She was the fastest girl in America — until Nike ran her into the ground.
So says Mary Cain, a running prodigy who joined the athletic giant’s Oregon Project led by star coach Alberto Salazar when she was 17, in a New York Times video op-ed posted on Thursday.
Cain, now 23, walked through the highs and lows of being a part of Nike’s NKE, -0.65% elite track and field squad in a seven-minute video and accompanying article that soon went viral on Twitter TWTR, +0.79% and topped Google GOOGL, +0.19% searches on Thursday. “It was a team of the fastest athletes in the world, and it was a dream come true,” she said.
But that dream soured as she was drilled to focus more and more on her weight. “An all-male Nike staff became convinced that in order for me to get better, I had to become thinner … and thinner and thinner,” Cain explained, alleging that Salazar set an “arbitrary” 114-pound target weight for her. At five-foot-seven, that means she was underweight, according to the BMI scale.
Cain also said there was no certified nutritionist on the team, and that Salazar would weigh her in front of her teammates, and publicly shame her if she wasn’t hitting her weight. “He wanted to give me birth-control pills and diuretics to lose weight — the latter of which isn’t allowed in track and field,” she said. Salazar was recently banned from the sport for four years related to doping charges; he is appealing the decision. The Oregon Project has been shut down.
She said her running suffered as her physical and mental health deteriorated. She stopped getting her period for three years, and broke five bones, which are signs of RED-S, or Relative Energy Deficiency in Sports syndrome. “I got caught in a system designed by and for men, which destroys the bodies of young girls,” she said.
“I joined Nike because I wanted to be the best female athlete ever. Instead, I was emotionally and physically abused by a system designed by Alberto Salazar and endorsed by Nike.”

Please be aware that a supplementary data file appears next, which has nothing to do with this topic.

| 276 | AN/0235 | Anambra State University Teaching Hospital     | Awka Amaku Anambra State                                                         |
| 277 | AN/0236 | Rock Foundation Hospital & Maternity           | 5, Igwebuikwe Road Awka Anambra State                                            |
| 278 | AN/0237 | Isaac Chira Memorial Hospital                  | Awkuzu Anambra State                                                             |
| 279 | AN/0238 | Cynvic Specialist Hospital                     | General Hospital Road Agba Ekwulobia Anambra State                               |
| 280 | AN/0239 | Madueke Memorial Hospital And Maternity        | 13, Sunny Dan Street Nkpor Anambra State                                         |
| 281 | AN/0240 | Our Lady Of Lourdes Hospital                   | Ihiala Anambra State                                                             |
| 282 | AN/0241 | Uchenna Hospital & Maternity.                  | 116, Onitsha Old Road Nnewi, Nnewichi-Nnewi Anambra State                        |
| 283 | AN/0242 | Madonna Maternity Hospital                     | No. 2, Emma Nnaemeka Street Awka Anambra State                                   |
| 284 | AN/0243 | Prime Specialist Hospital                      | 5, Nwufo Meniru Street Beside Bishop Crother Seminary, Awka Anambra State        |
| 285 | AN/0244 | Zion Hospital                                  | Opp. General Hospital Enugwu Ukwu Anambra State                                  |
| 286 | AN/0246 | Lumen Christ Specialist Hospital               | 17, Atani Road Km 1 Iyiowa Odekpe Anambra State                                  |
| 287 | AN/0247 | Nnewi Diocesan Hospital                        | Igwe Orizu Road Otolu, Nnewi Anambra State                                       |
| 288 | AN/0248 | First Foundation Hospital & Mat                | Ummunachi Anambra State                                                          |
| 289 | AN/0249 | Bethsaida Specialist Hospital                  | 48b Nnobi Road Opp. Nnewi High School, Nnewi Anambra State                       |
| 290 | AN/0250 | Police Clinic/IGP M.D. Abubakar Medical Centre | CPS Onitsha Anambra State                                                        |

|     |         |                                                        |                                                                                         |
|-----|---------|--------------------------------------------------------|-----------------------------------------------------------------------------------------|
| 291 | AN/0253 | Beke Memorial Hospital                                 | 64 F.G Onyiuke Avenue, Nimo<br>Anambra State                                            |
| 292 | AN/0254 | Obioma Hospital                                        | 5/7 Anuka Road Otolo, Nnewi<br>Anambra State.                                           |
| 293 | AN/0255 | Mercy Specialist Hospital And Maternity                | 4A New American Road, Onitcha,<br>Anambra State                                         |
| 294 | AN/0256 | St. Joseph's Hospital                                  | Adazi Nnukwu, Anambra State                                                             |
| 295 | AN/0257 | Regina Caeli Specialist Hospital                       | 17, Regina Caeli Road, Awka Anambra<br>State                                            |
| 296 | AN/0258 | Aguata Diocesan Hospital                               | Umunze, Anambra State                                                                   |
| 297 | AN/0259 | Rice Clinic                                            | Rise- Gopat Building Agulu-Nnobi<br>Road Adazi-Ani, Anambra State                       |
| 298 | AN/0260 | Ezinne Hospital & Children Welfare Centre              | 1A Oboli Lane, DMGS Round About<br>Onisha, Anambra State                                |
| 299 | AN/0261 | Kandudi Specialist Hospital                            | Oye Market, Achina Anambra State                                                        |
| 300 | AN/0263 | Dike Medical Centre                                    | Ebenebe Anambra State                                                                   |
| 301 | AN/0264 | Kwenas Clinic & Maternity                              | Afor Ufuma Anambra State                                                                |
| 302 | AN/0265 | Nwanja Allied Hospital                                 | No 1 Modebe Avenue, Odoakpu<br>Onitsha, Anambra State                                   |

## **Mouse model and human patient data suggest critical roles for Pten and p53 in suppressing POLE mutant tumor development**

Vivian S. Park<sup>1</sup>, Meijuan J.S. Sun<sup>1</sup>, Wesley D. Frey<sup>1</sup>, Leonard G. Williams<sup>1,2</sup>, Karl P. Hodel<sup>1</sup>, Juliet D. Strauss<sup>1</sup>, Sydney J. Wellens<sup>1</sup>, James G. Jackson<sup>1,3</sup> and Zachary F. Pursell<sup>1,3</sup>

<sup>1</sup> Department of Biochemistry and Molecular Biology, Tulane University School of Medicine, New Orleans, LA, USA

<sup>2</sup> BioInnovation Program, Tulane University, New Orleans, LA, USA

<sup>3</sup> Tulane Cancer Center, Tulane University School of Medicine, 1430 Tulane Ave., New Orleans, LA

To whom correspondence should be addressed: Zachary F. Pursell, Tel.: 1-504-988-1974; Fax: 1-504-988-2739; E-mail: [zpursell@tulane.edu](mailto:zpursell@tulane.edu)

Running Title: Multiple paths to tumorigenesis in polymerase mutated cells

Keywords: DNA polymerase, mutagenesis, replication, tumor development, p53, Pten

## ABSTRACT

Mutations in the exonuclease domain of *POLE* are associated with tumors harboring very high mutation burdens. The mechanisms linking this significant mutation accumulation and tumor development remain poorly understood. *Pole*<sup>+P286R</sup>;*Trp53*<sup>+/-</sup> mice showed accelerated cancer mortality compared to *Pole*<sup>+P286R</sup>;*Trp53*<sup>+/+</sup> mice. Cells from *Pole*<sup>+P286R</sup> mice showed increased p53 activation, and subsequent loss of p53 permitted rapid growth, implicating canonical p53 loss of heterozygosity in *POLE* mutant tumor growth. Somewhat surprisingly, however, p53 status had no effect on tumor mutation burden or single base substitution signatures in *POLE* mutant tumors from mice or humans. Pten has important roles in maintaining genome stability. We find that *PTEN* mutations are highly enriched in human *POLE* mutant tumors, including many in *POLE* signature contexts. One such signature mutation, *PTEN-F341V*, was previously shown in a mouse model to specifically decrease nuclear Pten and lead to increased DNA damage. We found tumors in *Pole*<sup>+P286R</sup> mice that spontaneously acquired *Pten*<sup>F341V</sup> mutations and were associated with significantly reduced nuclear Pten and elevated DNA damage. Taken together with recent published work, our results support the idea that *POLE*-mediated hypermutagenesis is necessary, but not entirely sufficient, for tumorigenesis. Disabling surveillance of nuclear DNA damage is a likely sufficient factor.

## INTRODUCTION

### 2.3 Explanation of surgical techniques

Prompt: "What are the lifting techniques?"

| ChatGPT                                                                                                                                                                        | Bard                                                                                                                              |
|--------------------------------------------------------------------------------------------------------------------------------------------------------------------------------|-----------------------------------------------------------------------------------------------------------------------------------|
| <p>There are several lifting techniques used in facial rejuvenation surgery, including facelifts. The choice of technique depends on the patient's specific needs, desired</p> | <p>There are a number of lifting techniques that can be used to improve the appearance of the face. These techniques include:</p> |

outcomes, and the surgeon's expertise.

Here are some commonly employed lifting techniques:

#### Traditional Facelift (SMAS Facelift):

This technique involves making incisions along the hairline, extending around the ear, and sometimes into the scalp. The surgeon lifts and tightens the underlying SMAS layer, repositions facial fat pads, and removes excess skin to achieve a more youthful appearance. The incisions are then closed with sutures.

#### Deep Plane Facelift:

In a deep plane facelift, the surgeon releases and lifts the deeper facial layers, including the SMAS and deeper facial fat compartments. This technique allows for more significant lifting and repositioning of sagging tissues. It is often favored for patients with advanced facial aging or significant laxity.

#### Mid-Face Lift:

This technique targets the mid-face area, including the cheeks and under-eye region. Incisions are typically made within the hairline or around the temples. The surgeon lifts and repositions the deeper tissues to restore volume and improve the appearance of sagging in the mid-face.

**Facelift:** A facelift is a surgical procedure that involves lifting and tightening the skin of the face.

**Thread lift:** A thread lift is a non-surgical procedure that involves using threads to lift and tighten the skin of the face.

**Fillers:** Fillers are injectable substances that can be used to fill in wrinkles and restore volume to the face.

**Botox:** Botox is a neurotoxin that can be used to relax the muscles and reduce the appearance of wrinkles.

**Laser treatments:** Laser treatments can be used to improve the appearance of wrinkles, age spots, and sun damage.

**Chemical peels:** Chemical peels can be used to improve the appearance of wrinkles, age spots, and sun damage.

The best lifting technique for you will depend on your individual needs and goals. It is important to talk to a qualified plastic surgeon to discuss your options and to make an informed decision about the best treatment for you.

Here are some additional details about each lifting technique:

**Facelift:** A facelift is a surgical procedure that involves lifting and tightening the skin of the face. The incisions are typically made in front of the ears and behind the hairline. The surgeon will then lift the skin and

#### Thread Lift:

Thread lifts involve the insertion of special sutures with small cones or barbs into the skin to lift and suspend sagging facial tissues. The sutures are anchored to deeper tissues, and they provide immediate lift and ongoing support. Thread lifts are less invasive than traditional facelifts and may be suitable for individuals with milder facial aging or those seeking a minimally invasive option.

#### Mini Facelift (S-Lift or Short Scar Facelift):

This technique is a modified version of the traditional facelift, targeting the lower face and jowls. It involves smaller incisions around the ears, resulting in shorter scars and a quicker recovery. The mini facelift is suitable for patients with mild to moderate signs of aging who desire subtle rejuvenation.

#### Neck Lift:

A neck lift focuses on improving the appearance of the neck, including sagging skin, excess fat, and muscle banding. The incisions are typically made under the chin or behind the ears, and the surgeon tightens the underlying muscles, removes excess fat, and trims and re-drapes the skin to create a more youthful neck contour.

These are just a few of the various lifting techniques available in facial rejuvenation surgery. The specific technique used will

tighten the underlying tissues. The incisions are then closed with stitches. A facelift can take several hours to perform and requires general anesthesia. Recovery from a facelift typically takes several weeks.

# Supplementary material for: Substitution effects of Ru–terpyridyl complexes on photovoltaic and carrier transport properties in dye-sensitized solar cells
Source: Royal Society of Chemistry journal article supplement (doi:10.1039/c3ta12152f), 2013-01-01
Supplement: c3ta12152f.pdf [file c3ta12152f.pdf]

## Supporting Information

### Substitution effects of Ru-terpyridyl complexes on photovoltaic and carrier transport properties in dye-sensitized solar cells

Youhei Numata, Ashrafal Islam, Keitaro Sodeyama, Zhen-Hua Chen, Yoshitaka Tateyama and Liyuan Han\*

Cain also started having suicidal thoughts and cutting herself — but said that when she told Salazar and the team psychologist about her self-harm, “they pretty much told me that they just wanted to go to bed.” So she quit the team in 2015. “That was my kick in the head where I was like, ‘This system is sick,’” she said.
She’s speaking up now to protect other athletes, and especially young women.
“We need more women in power — part of me wonders, if I’d worked with more female psychologists, coaches, and nutritionists, where I’d be today,” she said.
Cain also called on Nike to make real changes. “You can’t just fire a coach and eliminate a program and pretend the problem is solved,” said Cain. “My worry … Nike is merely going to rebrand the old program, and put Alberto’s old assistant coaches in charge.”
Salazar told the Times that he denied many of Cain’s claims, and that he supported her health and welfare during her five years with Nike.
Nike sent the following statement to MarketWatch on Thursday evening: “These are deeply troubling allegations which have not been raised by Mary or her parents before. Mary was seeking to rejoin the Oregon Project and Alberto’s team as recently as April of this year and had not raised these concerns as part of that process. We take the allegations extremely seriously and will launch an immediate investigation to hear from former Oregon Project athletes. At Nike we seek to always put the athlete at the center of everything we do, and these allegations are completely inconsistent with our values.”
Cain’s video is the latest damaging report against Nike, which have mounted since doping allegations led the U.S. Anti-Doping Agency to suspend the brand’s star coach from track and field. CEO Mark Parker is stepping down in 2020, although he said that the doping scandal had “absolutely nothing” to do with him leaving. The World Anti-Doping Agency also announced this week that it will be investigating every athlete that ever trained with Salazar.
Several elite runners and coaches shared their support for Cain on Thursday. The 2017 New York City Marathon winner Shalane Flanagan apologized for not reaching out when she saw Cain was struggling. “I had no idea it was this bad,” she wrote. “We let you down. I will never turn my head again.”
U.S. Olympic distance runner Kara Goucher, who also trained under Salazar until 2011, told the Times that she experienced a similar environment, and was also weighed in front of her teammates.
And while some on social media questioned the truth of Cain’s account, Jonathan J. Marcus, the head coach for the Duniway Athletics track club in Portland, Ore., verified one harrowing story Cain shared about Salazar yelling at her about her weight after a 2015 track meet, and in front of all of the other runners.
This story has been updated with a response from Nike.